This is an age-old saying, but unfortunately a modern concept. We lead fast-paced lives full of temptations and choices, and many moments go by when, if we had slowed down, that moment could have been a life-changing learning experience for our families.
Why do we eat? We eat to survive. However, why do we eat the way we do? How can we teach our children to make difficult choices when we don’t make them ourselves? Having been obese myself, I understand what it means to make the wrong choices. I also know now that I never had a healthy self-image or felt worthy of making healthy choices. I did what I wanted because it felt good at the time.
Hiding the candy, banning the sugar or even providing only nutritious, pesticide-free food won’t save your child’s life, because you can’t always be around. How can you teach your child to make the important choices during the times when mom is not there to tell them what to do, what to think and how to act?
Hiding the “bad foods” only made me binge that much more when I left the house and was faced with all of the temptations of the "real world". I was not prepared. We cannot hide from grocery stores, restaurants, bakeries or vending machines. They are in our lives every day, and they taunt some of us.
It’s time we in America really open our eyes and takes responsibility for the consequences of our actions. Why are we behaving this way? Well, Jim Fay and Foster Cline, M.D., co-founders of The Love and Logic Institute, would say that our daily needs are not being met. As a society, we have not been prepared for navigating a real world that isn’t full of second chances. We have created a child-proofed, safety-proofed, accident-proofed and “padded” world. Eventually, the kids will find that hidden candy bowl and you won’t always be there to tell them no.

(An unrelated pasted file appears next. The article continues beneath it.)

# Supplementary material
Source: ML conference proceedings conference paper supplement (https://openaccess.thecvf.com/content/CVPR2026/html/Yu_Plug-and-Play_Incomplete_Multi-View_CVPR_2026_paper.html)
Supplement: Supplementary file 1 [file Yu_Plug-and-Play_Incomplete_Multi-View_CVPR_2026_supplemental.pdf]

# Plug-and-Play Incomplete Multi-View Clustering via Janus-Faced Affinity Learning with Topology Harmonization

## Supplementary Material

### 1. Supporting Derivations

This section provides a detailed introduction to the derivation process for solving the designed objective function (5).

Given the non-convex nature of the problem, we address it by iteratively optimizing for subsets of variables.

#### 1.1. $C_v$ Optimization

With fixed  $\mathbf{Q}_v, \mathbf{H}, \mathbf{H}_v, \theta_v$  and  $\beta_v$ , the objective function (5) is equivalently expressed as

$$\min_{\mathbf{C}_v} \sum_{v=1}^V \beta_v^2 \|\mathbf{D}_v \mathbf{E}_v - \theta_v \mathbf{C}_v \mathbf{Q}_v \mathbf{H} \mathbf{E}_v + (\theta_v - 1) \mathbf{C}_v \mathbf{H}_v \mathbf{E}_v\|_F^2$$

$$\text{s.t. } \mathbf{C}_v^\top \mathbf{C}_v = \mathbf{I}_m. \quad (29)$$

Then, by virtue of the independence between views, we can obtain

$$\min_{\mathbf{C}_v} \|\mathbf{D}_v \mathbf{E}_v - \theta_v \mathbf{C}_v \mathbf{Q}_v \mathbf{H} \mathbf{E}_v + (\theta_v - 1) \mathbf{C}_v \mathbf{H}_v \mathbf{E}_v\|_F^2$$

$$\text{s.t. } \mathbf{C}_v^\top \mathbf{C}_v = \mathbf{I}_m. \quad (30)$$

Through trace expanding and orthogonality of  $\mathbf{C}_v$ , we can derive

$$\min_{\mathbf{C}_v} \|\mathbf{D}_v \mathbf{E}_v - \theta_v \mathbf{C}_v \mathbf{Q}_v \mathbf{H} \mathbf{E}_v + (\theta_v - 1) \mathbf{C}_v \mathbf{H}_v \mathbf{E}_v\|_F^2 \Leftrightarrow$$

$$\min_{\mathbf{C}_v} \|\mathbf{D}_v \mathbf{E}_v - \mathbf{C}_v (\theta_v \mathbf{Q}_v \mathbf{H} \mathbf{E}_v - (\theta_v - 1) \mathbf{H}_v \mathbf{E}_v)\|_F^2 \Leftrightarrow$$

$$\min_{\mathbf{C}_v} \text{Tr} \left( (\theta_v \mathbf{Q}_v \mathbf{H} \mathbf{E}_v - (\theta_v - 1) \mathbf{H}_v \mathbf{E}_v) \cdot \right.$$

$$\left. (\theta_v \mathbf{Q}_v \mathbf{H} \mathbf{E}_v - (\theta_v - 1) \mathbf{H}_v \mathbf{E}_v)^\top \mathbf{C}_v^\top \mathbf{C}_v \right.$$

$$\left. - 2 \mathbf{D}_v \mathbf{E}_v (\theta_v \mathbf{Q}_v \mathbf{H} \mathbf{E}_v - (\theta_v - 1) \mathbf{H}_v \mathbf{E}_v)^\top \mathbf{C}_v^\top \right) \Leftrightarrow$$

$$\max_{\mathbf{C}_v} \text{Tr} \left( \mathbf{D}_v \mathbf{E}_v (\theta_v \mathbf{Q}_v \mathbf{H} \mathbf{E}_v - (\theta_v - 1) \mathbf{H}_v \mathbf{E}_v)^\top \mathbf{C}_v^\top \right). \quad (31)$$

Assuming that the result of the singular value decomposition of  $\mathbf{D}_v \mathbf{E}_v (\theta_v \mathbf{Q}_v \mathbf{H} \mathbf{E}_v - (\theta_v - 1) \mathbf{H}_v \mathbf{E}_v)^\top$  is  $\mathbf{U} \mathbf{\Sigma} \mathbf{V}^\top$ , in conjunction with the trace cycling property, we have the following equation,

I truly feel that raising responsible children with a healthy self-image is the key to helping our children be healthy and have healthy relationships with food. Personally, I do that using the tools I learned through Love and Logic. I can only control what I do and lead by example. I share excitement and enthusiasm about the life I live, including the food I eat and the consequences of my “not so healthy” choices. I do not pretend to be perfect, but I acknowledge when I make mistakes and enthusiastically share what I have learned.
What if eating disorders or unhealthy relationships never existed? What if a healthy foundation was built before the problems could arise?
Children need to feel like a contributing member of a family and society; they need to experience respect, love and affection; and children need to learn the consequences of their actions and how to adapt from their mistakes. So I ask you – are you providing yourself and your children what they need on a daily basis? Not just survival needs, with a roof above their head, but the opportunity to develop responsibility for their own health and personal choices?
Here are a few tips to help parents teach their children how to make choices – and their own mistakes. If you have suggestions or your own lessons learned that may help other moms, please share your comments on this blog.